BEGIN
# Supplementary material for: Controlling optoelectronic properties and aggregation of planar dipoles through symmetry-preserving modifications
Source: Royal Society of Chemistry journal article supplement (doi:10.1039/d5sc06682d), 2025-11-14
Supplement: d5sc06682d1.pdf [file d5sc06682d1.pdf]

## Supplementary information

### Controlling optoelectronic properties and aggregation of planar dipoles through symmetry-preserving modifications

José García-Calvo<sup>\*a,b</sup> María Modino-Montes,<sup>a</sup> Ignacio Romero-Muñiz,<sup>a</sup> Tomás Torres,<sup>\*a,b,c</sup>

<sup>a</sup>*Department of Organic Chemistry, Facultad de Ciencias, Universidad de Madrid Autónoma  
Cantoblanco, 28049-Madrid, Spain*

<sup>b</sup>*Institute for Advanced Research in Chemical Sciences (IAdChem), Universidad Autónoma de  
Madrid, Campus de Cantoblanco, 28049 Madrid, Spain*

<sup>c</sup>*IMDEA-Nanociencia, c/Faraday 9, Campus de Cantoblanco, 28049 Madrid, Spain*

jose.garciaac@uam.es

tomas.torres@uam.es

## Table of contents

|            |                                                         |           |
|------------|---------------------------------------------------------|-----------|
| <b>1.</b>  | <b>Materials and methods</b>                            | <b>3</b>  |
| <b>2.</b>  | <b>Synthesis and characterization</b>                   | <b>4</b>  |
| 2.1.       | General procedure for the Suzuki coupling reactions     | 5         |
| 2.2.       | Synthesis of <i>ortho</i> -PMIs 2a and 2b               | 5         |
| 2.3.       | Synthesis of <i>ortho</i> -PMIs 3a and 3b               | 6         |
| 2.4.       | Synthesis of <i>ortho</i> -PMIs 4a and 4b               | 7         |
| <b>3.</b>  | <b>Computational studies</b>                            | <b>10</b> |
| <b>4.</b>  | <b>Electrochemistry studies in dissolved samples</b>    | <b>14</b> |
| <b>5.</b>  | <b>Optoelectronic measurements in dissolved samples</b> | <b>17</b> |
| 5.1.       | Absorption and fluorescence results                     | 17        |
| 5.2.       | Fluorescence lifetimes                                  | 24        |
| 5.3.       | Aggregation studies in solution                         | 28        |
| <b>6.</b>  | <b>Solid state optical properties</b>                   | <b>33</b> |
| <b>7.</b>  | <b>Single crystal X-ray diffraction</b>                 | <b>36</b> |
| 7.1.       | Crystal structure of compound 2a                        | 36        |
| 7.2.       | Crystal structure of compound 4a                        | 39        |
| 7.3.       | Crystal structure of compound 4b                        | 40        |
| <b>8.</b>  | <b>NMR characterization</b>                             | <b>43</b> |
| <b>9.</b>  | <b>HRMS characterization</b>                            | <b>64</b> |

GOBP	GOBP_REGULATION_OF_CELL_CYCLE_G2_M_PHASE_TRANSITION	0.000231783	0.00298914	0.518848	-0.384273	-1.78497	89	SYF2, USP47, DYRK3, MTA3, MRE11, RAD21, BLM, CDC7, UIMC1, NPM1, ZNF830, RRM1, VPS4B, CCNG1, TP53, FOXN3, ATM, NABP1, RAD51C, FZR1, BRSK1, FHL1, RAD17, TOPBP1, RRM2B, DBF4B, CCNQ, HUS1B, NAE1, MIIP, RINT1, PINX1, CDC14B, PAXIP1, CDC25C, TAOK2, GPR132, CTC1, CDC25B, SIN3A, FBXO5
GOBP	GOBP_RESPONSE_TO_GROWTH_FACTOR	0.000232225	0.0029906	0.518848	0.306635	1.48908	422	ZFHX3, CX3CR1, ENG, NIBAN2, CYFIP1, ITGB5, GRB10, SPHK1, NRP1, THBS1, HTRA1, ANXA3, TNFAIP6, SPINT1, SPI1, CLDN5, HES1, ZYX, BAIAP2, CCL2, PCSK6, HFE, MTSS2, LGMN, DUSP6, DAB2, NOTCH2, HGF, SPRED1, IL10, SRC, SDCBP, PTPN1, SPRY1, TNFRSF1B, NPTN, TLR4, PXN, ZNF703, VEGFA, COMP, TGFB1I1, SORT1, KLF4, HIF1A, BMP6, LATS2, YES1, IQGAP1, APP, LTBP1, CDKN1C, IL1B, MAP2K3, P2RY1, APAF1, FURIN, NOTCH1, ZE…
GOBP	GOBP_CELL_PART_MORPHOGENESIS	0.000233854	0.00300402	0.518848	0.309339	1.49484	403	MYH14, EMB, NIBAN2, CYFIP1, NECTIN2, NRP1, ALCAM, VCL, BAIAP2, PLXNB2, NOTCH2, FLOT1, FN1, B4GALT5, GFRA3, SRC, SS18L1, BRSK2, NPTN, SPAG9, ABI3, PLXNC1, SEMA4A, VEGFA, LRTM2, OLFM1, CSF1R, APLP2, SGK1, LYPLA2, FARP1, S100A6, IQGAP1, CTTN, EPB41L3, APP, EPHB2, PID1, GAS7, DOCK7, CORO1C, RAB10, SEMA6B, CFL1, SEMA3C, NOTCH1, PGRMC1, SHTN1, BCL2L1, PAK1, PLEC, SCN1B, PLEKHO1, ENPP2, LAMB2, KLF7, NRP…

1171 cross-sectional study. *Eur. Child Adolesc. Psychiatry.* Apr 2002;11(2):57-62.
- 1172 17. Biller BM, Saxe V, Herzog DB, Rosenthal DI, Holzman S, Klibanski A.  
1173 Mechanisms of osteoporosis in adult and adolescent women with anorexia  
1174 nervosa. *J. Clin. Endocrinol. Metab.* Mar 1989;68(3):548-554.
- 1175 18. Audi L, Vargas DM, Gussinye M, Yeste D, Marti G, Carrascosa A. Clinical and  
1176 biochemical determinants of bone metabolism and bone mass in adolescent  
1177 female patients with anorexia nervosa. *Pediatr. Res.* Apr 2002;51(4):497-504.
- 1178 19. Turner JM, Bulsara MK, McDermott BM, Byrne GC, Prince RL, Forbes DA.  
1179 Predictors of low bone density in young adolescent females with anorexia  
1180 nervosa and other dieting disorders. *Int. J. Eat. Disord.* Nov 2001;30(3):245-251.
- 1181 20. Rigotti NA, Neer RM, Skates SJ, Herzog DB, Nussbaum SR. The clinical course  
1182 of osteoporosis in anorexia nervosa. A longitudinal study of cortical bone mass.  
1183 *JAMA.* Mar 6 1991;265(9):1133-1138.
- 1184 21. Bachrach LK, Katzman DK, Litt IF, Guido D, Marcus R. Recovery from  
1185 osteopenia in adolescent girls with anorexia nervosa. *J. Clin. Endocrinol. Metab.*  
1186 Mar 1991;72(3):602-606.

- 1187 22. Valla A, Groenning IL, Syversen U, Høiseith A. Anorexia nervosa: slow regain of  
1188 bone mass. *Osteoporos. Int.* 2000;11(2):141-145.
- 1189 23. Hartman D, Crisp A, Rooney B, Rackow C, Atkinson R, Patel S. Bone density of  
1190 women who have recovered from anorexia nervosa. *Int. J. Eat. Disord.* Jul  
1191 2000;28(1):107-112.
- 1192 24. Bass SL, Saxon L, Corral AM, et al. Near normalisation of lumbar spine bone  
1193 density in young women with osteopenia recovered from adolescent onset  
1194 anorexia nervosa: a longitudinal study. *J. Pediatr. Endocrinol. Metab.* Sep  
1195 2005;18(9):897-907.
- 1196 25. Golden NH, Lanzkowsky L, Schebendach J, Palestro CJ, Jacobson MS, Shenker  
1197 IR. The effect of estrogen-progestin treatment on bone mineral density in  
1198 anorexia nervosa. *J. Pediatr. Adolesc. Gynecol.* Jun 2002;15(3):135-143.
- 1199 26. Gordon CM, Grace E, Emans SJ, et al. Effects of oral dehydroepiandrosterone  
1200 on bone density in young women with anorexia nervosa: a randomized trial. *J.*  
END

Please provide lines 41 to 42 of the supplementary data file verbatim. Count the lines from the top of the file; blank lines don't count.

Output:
1173 Mechanisms of osteoporosis in adult and adolescent women with anorexia  
1174 nervosa. *J. Clin. Endocrinol. Metab.* Mar 1989;68(3):548-554.